The problems often blamed on text messaging may actually result from a variety of complex factors. Both Rigsbee and Montgomery find texting-related grammatical issues to be more prevalent among younger students, those from disadvantaged backgrounds, or those who are already generally weaker writers. So the perceived decline in students' writing skills might simply be a sign that they need more, and more comprehensive, writing practice.
"In the days when only half the population graduated from high school, many people didn't need to write well. That's not true anymore. We need literacy skills," says Richard Sterling, executive director emeritus of the National Writing Project and adjunct professor at the University of California at Berkeley Graduate School of Education. "The answer is not, 'We should ban texting.' That's absurd, and also impossible. It's much more about giving students an opportunity to write so extensively and so often that their writing develops. Those errors will disappear if there's a sufficient amount of writing going on."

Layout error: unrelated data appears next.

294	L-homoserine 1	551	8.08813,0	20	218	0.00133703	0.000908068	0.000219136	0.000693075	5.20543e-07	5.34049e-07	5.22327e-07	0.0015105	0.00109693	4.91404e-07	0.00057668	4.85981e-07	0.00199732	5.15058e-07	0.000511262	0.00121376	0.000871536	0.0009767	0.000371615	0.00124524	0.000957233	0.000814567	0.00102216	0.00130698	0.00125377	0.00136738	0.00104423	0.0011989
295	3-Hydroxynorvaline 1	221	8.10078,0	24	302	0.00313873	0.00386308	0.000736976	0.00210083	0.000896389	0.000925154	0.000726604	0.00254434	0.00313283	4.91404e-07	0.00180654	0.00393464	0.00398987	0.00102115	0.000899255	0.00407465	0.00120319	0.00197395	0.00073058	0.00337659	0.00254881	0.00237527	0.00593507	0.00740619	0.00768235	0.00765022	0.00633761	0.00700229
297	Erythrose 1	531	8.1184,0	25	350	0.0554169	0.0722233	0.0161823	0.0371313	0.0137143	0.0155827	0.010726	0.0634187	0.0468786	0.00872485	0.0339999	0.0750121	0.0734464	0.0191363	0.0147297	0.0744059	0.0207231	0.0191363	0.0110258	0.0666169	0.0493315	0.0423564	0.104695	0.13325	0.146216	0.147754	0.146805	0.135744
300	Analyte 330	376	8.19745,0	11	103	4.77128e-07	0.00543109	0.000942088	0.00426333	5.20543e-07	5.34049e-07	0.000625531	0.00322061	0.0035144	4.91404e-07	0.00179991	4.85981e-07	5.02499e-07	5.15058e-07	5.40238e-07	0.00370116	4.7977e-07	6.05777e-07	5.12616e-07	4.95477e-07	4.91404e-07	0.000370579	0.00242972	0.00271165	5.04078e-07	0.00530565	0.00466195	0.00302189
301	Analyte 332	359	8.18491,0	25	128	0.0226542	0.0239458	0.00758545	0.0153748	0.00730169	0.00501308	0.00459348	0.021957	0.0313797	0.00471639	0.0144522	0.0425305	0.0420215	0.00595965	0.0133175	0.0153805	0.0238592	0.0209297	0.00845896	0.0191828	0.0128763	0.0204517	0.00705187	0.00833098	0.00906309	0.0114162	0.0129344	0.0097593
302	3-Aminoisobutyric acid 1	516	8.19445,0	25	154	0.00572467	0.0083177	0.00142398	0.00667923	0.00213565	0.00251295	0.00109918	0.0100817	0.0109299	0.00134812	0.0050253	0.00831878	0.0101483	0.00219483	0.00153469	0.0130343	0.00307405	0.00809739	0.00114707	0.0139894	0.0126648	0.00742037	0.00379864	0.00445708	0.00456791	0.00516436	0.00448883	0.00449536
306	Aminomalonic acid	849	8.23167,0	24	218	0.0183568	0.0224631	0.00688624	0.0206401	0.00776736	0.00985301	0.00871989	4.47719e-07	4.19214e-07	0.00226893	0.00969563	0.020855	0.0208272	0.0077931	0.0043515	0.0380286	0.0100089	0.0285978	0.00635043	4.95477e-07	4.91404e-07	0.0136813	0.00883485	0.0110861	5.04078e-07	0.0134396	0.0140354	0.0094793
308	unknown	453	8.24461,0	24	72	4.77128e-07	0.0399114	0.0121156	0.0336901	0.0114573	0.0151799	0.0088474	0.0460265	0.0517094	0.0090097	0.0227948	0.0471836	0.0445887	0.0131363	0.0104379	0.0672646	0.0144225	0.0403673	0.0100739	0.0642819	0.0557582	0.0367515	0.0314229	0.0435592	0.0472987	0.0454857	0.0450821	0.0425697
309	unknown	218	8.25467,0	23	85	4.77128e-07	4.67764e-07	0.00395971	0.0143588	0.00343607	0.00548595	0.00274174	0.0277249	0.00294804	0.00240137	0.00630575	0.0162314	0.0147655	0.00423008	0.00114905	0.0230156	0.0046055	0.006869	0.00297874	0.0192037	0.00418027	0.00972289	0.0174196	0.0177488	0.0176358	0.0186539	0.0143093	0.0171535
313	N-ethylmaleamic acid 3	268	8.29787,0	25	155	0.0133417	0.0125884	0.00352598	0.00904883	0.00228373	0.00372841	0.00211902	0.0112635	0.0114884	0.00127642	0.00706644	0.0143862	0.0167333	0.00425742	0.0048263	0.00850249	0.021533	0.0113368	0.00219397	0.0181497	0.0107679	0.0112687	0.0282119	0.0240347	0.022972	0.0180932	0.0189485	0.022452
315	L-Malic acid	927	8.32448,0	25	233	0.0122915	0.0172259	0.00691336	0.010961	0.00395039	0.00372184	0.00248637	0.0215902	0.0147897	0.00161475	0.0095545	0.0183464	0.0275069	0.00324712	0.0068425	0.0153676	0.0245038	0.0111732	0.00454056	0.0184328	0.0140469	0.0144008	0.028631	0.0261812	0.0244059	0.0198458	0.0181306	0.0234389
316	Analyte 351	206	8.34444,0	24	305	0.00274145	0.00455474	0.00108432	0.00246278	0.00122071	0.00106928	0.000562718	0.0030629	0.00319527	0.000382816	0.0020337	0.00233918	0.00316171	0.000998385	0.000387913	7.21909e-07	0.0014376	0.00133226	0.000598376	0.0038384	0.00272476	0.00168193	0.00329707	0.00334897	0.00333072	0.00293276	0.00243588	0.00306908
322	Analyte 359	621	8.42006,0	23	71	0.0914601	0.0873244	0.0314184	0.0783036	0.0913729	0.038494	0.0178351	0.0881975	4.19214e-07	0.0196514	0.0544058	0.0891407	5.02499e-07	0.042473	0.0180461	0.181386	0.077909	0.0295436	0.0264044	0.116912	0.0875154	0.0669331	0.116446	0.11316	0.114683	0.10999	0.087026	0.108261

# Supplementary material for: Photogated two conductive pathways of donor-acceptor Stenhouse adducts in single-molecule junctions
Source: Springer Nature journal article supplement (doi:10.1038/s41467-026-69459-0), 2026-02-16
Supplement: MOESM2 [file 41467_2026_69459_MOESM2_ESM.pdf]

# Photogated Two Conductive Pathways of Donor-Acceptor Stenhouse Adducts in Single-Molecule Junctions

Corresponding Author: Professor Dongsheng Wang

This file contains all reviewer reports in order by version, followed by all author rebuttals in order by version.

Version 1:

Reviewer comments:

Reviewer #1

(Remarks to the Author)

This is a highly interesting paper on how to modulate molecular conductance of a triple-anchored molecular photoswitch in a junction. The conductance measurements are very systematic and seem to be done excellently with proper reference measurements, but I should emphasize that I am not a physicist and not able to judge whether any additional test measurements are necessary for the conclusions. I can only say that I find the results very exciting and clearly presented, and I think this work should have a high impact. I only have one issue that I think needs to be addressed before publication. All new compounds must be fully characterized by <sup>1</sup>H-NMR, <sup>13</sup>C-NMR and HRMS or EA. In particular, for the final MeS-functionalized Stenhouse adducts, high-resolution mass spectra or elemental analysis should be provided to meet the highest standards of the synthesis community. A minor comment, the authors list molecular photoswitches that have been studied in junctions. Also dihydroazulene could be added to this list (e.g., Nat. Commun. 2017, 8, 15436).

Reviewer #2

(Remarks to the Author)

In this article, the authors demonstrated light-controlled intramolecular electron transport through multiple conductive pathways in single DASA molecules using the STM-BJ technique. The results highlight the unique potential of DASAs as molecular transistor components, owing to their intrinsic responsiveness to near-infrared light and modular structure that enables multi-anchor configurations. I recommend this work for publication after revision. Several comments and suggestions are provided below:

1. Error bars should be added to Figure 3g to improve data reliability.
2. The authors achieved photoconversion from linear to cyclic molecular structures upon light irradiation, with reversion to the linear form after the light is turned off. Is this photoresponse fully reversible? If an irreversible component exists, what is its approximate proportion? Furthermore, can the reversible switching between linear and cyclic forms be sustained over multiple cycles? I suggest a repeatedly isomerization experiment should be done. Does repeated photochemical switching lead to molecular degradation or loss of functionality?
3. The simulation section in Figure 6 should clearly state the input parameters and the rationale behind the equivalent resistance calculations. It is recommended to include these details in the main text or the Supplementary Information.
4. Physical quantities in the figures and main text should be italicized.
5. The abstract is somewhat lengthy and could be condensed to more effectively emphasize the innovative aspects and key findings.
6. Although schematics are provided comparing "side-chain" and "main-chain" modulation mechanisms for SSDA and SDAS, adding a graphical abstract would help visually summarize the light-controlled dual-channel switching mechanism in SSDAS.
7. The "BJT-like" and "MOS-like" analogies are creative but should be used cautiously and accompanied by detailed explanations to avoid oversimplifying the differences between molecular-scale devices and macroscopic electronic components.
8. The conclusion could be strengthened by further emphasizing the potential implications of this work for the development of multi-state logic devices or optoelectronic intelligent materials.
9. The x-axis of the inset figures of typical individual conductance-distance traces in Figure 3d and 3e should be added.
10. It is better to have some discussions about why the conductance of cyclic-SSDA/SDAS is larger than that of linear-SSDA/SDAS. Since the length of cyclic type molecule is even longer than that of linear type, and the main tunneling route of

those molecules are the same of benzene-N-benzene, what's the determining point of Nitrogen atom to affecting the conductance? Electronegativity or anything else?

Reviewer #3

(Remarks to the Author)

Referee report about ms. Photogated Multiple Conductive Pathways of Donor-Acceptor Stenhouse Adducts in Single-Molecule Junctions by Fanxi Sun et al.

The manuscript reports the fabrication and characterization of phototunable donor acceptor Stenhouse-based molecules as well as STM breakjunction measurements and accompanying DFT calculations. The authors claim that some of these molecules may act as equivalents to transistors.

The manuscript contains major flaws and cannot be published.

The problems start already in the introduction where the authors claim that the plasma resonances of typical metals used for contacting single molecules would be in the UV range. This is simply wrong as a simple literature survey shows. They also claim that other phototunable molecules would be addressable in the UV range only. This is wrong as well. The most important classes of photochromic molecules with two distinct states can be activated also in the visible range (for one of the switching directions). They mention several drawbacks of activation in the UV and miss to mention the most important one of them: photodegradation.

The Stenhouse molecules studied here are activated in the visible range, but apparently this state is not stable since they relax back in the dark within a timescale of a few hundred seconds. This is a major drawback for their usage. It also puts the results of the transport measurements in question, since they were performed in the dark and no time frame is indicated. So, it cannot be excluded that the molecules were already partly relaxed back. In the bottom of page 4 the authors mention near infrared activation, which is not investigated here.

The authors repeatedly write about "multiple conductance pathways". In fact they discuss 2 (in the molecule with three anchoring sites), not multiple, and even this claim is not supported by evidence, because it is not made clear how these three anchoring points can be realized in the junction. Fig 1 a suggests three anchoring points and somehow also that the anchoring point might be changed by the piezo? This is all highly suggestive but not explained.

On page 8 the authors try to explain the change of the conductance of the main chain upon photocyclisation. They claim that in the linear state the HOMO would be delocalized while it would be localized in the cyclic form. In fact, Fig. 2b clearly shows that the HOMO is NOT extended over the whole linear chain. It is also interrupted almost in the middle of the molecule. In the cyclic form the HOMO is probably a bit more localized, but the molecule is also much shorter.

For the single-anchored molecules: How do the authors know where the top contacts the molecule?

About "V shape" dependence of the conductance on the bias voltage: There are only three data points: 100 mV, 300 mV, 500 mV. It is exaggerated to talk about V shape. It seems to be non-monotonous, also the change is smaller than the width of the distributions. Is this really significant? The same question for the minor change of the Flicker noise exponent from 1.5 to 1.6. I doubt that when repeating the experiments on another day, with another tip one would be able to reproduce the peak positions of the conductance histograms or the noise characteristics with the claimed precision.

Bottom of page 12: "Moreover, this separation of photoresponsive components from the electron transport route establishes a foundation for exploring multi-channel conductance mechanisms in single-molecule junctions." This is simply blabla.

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In the meantime, some determined English teachers are tapping students' own instant messaging style to get their points across. Some, including Cindi Rigsbee, are guiding exercises in text translation: pulling up a MySpace page or a lingo-drenched school paper and asking students to translate the writing into standard English. Or they ask students to translate passages from classic literature into texting speak to demonstrate their comprehension of the writing and to create a form of multilingual focus, similar to how learning a foreign language tends to enhance a student's understanding of his or her native tongue.